Canadian Cheryl Dobinson, MA, is one of the leaders in the bi health movement - and a major mover-and-shaker in the bi community among our neighbors to the north.
A bisexual writer, researcher, and activist, Cheryl is currently the Director of Community Programming at Planned Parenthood Toronto, and she is also involved in research on bisexual mental health issues as well as on sexual orientation and health disparities through the Centre for Addiction & Mental Health.
In addition to working on projects such as the bi women's zine she founded in 2002, The Fence, she facilitates support groups, leads workshops and teaches courses on bisexuality.
In 2003, Cheryl changed the way North Americans thought about bi health - if it was thought of at all! - when she wrote "Improving the Access and Quality of Public Health Services for Bisexuals," a 40-page report published by the Ontario Public Health Association (OPHA). Recently, I caught up with Cheryl to see what she's been up to in the time since this foundational piece was released.
Amy Andre: It's been 9 years since your publication for the OPHA came out. What changes have you seen, when it comes to bi health, in the near decade since you wrote it?
Cheryl Dobinson: When I started reviewing the literature available at that time, I was surprised to find out how little was known about bisexual health specifically. Most research grouped bi people with gay men or lesbians, which meant that we didn't have a picture of whether or how our health as a community might differ from that of gay, lesbian and heterosexual people's health.
The main change I've seen since then is an increase in research and knowledge about bisexual health, including population-based research, which has helped build our current understanding of the health disparities that bisexuals experience compared to other sexual orientation groups. For example, we now know that our community reports a higher incidence of mental health issues, the most prominent and alarming being suicidality. There has also been some exploration of potential reasons for these health inequities, with a focus on experiences of minority stress and the impact biphobia has on our health. As we develop an understanding of what our unique health issues are and the underlying causes, we're better able to work towards positive change.
A recent example of action coming out of research is a bisexual anti-stigma campaign developed in 2011 by the Re:searching for LGBTQ Health at the Centre for Addiction and Mental Health in Toronto.
Amy Andre: What are you working on now?
Cheryl Dobinson: I'm involved with an amazing research study at the Centre for Addiction and Mental Health, led by Dr. Lori Ross, called "Risk and Resilience among Bisexual People in Ontario: A Community-Based Study of Bisexual Mental Health." This 3 year project will survey 800 bisexual people from across Ontario to learn about their mental health and their experiences with mental health services.
I also co-facilitate a bi education and support group called "The B Side" which is offered through Sherbourne Health Center here in Toronto. We've been offering the group 1-2 times a year for about 5 years now and it's a really popular and successful program.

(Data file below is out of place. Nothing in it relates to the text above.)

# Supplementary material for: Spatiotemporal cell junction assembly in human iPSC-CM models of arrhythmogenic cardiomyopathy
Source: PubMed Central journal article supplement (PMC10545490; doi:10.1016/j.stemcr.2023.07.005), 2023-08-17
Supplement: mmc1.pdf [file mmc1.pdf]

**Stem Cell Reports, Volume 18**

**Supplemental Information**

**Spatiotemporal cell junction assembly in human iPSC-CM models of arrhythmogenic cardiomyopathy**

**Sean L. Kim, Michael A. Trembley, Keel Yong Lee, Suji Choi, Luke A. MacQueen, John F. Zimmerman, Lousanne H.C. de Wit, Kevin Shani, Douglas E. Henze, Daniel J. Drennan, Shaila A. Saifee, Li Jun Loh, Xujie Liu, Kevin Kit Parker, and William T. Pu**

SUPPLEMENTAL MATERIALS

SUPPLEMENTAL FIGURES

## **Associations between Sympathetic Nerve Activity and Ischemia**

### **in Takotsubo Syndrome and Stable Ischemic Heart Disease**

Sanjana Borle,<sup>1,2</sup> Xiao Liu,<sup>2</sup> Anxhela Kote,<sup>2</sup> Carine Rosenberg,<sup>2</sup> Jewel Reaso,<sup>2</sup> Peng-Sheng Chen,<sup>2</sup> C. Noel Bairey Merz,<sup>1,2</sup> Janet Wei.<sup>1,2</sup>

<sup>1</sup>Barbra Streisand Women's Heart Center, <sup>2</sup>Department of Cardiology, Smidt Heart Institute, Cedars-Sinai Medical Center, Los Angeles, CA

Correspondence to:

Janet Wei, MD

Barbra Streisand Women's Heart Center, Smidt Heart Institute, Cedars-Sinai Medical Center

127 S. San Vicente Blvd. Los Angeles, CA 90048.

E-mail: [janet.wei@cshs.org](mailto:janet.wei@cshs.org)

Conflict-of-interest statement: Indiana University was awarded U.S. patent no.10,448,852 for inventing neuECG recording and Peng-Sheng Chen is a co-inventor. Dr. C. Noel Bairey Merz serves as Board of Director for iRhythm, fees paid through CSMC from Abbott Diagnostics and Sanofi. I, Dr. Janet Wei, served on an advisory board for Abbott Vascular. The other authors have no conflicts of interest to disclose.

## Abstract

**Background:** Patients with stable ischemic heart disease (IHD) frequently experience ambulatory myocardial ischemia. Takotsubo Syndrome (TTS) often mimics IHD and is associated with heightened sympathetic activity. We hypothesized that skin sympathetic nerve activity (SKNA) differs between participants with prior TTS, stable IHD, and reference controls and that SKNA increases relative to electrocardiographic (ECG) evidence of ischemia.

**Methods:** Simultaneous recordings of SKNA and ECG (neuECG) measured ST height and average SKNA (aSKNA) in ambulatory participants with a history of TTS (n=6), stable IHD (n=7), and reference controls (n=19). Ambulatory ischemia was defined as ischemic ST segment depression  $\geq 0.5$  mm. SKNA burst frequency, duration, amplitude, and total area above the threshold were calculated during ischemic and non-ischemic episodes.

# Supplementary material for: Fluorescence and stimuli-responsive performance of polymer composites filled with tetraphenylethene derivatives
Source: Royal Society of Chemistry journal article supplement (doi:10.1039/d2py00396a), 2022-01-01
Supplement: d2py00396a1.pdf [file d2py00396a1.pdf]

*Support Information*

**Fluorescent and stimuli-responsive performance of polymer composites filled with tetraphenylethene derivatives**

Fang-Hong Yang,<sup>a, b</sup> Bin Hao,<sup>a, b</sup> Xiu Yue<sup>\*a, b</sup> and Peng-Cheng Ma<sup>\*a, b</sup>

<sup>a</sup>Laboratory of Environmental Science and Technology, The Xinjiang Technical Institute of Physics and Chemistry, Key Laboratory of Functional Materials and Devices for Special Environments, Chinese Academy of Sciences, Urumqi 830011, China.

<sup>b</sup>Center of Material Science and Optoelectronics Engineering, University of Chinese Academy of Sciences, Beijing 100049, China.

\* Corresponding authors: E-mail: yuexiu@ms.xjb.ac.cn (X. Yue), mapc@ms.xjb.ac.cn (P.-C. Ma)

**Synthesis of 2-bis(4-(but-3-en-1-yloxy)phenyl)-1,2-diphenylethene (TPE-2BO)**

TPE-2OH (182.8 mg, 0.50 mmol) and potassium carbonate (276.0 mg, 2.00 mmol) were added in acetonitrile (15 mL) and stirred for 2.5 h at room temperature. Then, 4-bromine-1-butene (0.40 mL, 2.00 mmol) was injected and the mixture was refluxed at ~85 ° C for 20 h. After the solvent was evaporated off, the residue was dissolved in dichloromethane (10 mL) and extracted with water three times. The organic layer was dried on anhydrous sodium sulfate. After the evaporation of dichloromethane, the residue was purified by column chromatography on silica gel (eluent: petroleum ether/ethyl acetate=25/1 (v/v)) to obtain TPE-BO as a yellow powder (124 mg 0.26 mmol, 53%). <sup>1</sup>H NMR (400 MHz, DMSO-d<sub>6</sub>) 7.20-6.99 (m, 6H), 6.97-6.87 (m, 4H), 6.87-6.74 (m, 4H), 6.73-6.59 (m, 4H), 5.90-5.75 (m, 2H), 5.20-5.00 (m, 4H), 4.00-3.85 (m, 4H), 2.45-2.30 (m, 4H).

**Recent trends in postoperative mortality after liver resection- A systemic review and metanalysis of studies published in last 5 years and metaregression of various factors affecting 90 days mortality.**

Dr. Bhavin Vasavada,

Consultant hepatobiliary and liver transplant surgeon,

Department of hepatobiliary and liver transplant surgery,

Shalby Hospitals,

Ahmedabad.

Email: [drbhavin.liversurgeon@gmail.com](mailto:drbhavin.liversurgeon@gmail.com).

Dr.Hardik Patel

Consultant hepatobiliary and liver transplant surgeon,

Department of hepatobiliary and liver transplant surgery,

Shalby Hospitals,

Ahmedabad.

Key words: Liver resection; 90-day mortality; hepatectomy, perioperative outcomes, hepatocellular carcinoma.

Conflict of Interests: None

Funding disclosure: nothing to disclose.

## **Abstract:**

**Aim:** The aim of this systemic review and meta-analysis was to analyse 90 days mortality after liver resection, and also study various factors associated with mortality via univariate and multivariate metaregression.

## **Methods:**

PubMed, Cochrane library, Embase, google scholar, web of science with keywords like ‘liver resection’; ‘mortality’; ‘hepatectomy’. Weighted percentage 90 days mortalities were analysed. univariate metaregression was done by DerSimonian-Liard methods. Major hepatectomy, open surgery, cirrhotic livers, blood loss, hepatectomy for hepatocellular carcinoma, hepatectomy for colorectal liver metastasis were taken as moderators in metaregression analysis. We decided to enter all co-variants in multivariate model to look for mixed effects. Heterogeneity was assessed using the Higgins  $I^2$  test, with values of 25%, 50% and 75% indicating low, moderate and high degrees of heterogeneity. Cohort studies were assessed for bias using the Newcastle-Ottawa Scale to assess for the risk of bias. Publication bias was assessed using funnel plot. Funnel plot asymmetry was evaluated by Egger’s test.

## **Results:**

Even though I do in fact have a full-time day job, it's important to me to stay involved in the field of bisexual health.
Amy Andre: Where do you see the future of the bi movement?
Cheryl Dobinson: I see the future of the bi movement as one in which we work with and as part of the larger LGBT movement while continuing to create our own spaces and take action on bi-specific issues when needed. I also envision the bi movement growing as more and more non-bi allies join in challenging biphobia and supporting bi inclusion. I've seen this trend over the last decade and am optimistic that things will keep moving in that direction. I also think that we'll continue to connect online and through bi conferences to maintain a strong bi movement that extends beyond our local settings. I personally find it very meaningful and empowering to be linked to bi activists from across Canada, the US, and beyond.
Amy Andre: How would you describe the bi community in Toronto?
Cheryl Dobinson: I love being part of the bi community in Toronto; I've found it to be a welcoming home within the larger queer community. There are a lot of different things going on right now in Toronto for bi people, from Toronto Bisexual Network peer support meetings and monthly brunches to more structured groups like Fluid (for bi youth) and The B Side. There are also virtual ways to connect and be part of bi community here, such as email lists and Facebook groups.
At the same time, it's definitely been the case that in the last year or two there have been fewer large scale community or public events and less involvement in Pride activities. This seems to be part of the ebb and flow of bi community organizing; when everyone is a volunteer and resources are minimal it can be hard to consistently keep up energy levels. I look forward to seeing what the next wave of bi community organizing in Toronto will bring!